Two prison officers at HMP Pentonville Prison have died after showing symptoms of coronavirus. According to the Prison Officers’ Association, the two men, Bovil Peter and Patrick Beckford, worked as support staff were in their 60s and were not known to have underlying health conditions.
Meanwhile it has been reported that as many as 4,000 prisoners in England and Wales are to be temporarily released in response to concerns about the pandemic sweeping through our prisons. Selected low-risk offenders, within weeks of their release dates, will be electronically tagged and temporarily released on licence in stages.
Peter Dawson, director of the Prison Reform Trust said, called the move ‘a welcome and substantial step in the right direction’. ‘Exceptional times require exceptional measures, and the public should be reassured that in this instance their protection is better served by carefully releasing some prisoners a few weeks early than by keeping them in. Prisons have never faced an emergency of this complexity or duration, and further measures will be needed in the weeks ahead,’ he said. ‘But this is a start, and the Lord Chancellor deserves credit for it.’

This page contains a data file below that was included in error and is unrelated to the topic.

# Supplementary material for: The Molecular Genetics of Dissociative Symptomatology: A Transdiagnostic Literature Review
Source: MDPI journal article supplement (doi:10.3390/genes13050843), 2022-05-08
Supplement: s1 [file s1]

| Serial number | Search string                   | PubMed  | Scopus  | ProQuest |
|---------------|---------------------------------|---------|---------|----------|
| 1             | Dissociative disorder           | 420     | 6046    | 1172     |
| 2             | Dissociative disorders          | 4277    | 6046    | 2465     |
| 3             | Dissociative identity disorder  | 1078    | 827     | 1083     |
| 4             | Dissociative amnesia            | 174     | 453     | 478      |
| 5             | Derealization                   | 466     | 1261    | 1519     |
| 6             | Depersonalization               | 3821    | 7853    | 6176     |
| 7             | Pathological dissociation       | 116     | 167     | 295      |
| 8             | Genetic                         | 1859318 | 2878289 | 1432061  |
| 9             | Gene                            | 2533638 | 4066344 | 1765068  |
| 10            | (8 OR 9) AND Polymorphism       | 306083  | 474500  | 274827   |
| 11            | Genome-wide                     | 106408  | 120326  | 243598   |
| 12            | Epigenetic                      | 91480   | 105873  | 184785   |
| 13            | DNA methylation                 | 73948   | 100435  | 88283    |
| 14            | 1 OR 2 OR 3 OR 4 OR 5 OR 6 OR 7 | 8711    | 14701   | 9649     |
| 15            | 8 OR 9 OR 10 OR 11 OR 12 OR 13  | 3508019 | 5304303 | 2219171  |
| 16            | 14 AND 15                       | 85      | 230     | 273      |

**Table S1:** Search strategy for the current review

The Ministry of Justice is looking to identify ‘publicly owned sites that could be used to house temporary prison accommodation to ease pressure on the permanent estate’. France has announced the release of some 5,000 prisoners, while in the US state of California alone, 3,500 are being granted early release.
We are devastated over the deaths of Bovil and Patrick. Both were loved members of the Pentonville family. We will be lighting candles for them today at 11am and our thoughts are with their families.
— HMP Pentonville (@HMPPentonville) April 5, 2020
As of the weekend, more than a quarter (26%) of prison staff were absent or self-isolating and some 88 prisoners and 15 staff tested positive for COVID-19. ‘Prisons are moving towards single-cell accommodation as much as possible across the estate – to limit the spread of infection and the number of deaths,’ said the Ministry of Justice. ‘This follows public health advice that prisons present a unique environment where rapid outbreaks of the virus could place a significant strain on local NHS services.’
The Prison Officers’ Association’s national chair Mark Fairhurst wrote to members on Friday saying that that the guidance was clear that lockdown and social distancing needed to be observed in our jails including a ban on ‘large groups of prisoners’ congregating on landings or exercise yards. ‘There should be no association, large gatherings of prisoners, gym, non-essential workshops or education,’ he said. ‘Only vital services should be observed which include feeding, phone calls, showers and exercise in the open air. At all times social distancing should be observed.’